Winter 2012-13
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Restoring Your Child’s Sense of Safety

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As the nation grieves the brutal attack on Sandy Hook Elementary School in Newtown, Conn., parents are struggling to explain the shootings to their kids and ease their fears.

While there are no easy answers, Dr. Kevin Stark, director of psychology at Dell Children's Medical Center's Texas Child Study Center and professor at UT Austin, offered some advice during a recent interview with Fox 7 News:

How do parents begin to explain this situation?

Start talking to children to reassure them that they're safe, that everything is OK and that they don't really have anything to worry about. You also want to help them express any feelings or fears they may have about what's happened and what they've heard from their friends, on TV or in social media.

When talking to them about their emotions and what they've heard, do it in a developmentally sensitive way. With young children, keep it simple with lots of reassurances. With elementary-aged children, preschoolers and middle schoolers, talk about what their emotions are and when they ask for them, give them the facts, keeping it as simple as possible. With high school students, talk to them more in-depth about it and give them plenty of opportunity to discuss their thoughts about what happened.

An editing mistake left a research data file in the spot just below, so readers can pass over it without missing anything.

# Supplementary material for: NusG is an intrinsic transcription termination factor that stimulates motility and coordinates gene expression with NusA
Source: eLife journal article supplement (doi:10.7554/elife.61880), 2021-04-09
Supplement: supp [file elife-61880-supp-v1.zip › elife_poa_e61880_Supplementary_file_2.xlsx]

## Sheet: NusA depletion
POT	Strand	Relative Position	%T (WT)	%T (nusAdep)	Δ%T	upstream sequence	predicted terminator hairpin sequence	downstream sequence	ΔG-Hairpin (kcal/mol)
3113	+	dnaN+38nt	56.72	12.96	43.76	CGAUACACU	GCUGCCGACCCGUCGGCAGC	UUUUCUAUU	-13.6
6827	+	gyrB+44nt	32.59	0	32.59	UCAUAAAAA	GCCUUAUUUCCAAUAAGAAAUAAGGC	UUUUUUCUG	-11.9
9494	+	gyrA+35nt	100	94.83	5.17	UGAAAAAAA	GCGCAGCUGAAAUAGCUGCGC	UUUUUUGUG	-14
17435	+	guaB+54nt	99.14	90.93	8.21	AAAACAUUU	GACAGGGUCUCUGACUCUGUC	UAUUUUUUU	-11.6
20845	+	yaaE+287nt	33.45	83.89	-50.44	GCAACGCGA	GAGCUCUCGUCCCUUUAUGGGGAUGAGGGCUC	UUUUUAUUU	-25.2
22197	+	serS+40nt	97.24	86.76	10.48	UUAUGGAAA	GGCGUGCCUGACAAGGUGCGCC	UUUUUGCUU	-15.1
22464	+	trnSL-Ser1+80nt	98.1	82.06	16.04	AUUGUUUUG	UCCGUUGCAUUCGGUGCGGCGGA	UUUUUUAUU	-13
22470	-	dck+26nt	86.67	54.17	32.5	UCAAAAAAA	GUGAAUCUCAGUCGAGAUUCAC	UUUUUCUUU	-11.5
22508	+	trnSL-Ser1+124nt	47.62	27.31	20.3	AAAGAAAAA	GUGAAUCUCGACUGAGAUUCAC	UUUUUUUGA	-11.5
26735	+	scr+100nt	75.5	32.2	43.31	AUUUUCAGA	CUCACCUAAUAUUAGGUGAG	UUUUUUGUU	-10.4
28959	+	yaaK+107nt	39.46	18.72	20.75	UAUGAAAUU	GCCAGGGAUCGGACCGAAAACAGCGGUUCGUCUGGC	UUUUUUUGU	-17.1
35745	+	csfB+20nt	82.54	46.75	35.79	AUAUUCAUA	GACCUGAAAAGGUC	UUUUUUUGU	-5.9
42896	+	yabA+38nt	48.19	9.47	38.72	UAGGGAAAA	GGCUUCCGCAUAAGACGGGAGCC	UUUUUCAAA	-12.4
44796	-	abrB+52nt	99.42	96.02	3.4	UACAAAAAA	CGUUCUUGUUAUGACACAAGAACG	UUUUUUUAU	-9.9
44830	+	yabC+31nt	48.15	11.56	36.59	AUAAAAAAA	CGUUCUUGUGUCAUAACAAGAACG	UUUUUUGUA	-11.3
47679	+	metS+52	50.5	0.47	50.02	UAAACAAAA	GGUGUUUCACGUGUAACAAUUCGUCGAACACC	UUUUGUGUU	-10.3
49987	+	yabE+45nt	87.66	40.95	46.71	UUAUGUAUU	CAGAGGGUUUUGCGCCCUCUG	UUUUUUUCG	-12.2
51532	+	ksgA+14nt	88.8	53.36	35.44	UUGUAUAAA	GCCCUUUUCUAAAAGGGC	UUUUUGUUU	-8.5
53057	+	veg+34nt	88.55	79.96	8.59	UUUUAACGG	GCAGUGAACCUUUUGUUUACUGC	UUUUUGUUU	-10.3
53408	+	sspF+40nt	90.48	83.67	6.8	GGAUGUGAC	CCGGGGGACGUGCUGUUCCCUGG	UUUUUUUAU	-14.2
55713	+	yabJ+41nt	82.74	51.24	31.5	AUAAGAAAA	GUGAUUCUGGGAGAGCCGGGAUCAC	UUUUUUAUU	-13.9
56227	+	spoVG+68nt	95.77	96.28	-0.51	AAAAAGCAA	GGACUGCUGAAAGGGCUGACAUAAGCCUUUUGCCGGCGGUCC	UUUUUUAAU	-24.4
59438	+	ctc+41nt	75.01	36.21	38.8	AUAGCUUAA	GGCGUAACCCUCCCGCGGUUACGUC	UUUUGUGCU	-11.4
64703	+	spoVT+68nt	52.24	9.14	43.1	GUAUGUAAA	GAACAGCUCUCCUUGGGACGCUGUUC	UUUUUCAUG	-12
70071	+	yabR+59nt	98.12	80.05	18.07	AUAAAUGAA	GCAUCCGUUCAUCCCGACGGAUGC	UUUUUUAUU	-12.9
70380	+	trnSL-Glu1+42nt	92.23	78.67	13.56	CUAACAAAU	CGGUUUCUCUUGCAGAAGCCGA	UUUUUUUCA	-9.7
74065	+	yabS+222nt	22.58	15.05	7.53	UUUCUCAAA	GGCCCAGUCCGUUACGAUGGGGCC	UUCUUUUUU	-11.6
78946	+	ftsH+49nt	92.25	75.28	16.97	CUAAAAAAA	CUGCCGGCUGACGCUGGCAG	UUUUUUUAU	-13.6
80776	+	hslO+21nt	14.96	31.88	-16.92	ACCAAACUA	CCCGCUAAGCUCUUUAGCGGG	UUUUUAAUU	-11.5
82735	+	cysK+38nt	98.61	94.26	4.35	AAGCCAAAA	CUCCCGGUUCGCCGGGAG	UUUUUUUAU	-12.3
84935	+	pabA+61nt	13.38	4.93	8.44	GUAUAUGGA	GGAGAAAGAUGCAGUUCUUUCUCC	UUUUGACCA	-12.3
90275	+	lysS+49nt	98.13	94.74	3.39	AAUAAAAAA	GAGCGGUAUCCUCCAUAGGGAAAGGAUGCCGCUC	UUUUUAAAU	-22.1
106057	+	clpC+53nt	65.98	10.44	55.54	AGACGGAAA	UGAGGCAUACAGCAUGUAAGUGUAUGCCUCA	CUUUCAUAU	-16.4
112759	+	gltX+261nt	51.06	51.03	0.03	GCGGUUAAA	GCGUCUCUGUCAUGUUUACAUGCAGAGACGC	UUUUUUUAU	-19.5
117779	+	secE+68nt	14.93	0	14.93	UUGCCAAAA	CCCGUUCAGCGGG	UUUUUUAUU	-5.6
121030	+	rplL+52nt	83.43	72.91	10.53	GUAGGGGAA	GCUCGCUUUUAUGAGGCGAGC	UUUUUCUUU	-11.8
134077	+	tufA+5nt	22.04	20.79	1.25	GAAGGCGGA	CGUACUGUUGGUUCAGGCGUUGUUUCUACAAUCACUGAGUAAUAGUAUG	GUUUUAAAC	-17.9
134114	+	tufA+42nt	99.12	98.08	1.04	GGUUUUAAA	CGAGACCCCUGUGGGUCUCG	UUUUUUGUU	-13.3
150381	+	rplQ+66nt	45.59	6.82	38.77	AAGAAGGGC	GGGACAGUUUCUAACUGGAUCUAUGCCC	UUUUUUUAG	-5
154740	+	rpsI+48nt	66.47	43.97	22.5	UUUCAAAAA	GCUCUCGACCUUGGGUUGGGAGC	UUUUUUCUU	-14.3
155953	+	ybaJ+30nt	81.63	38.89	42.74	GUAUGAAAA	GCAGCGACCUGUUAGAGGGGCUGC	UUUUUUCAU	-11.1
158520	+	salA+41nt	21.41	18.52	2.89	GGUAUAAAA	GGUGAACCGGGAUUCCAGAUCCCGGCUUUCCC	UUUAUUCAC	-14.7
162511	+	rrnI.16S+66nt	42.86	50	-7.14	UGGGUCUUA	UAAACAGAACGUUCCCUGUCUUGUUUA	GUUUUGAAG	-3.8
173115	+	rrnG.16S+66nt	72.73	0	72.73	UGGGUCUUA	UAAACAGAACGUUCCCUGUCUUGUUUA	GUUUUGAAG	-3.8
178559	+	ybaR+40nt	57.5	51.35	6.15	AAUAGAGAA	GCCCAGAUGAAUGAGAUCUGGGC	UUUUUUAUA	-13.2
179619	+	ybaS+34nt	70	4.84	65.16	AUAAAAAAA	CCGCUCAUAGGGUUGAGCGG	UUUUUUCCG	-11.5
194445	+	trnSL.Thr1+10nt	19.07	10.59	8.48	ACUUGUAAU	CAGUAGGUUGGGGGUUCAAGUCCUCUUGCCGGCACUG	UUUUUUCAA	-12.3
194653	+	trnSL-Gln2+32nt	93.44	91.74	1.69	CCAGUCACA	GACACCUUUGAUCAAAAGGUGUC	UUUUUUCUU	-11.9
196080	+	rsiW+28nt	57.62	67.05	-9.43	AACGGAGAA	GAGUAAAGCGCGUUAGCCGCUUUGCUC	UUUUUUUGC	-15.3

Another thing parents should do is return their children to a normal routine quickly, so they'll see that everything is fine and nothing in their lives has changed.

In the future, how will parents know if there's a lingering problem?

Watch for any changes in your child's typical behavior. An example might be if your child is spending more time with you and looks like he or she wants to talk, but really hasn't said anything. If you've noticed that your child's mood has changed or your child seems moody, you might ask what he or she is thinking and feeling.

Children who have had some sort of trauma in the past or who have been exposed to violence may be more likely to have an emotional reaction to this event. In these cases, spend more time with them, helping them process their feelings.

You may also want to monitor what your kids are watching on TV and in social media – what they're hearing and reading, and how they're reacting to it. Then give them the opportunity to share any questions and/or reactions they might have. For younger kids, you might want to minimize the amount of time they watch TV and monitor their access to social media.

How can parents help kids who have anxiety about going back to school?

Start by talking about their fears. You can also reassure them that schools are typically very safe places. Talk about all the safety measures that schools take to keep students safe – e.g., doors are locked and front entrances are monitored by school staff.

Also emphasize that kids can take an active role in keeping themselves safe. Instruct them that it is important to tell a teacher or other adult if they see anything that worries them.

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For additional information about dealing with traumatic situations, see the related story, Coping with Crisis, from the fall 2012 issue of Good Health for Kids. Also see the attached PDF from the Center for the Study of Traumatic Stress for tips on restoring a sense of safety in the aftermath of a mass shooting.

Psychologist Kevin Stark, PhD, is a full professor at The University of Texas at Austin and co-founder of the Texas Child Study Center. He is recognized internationally as an expert in the treatment of youth depression.

Restoring Your Child's Sense of Safety
goodhealth.com


Good Health for Kids is produced by Dell Children's Medical Center of Central Texas.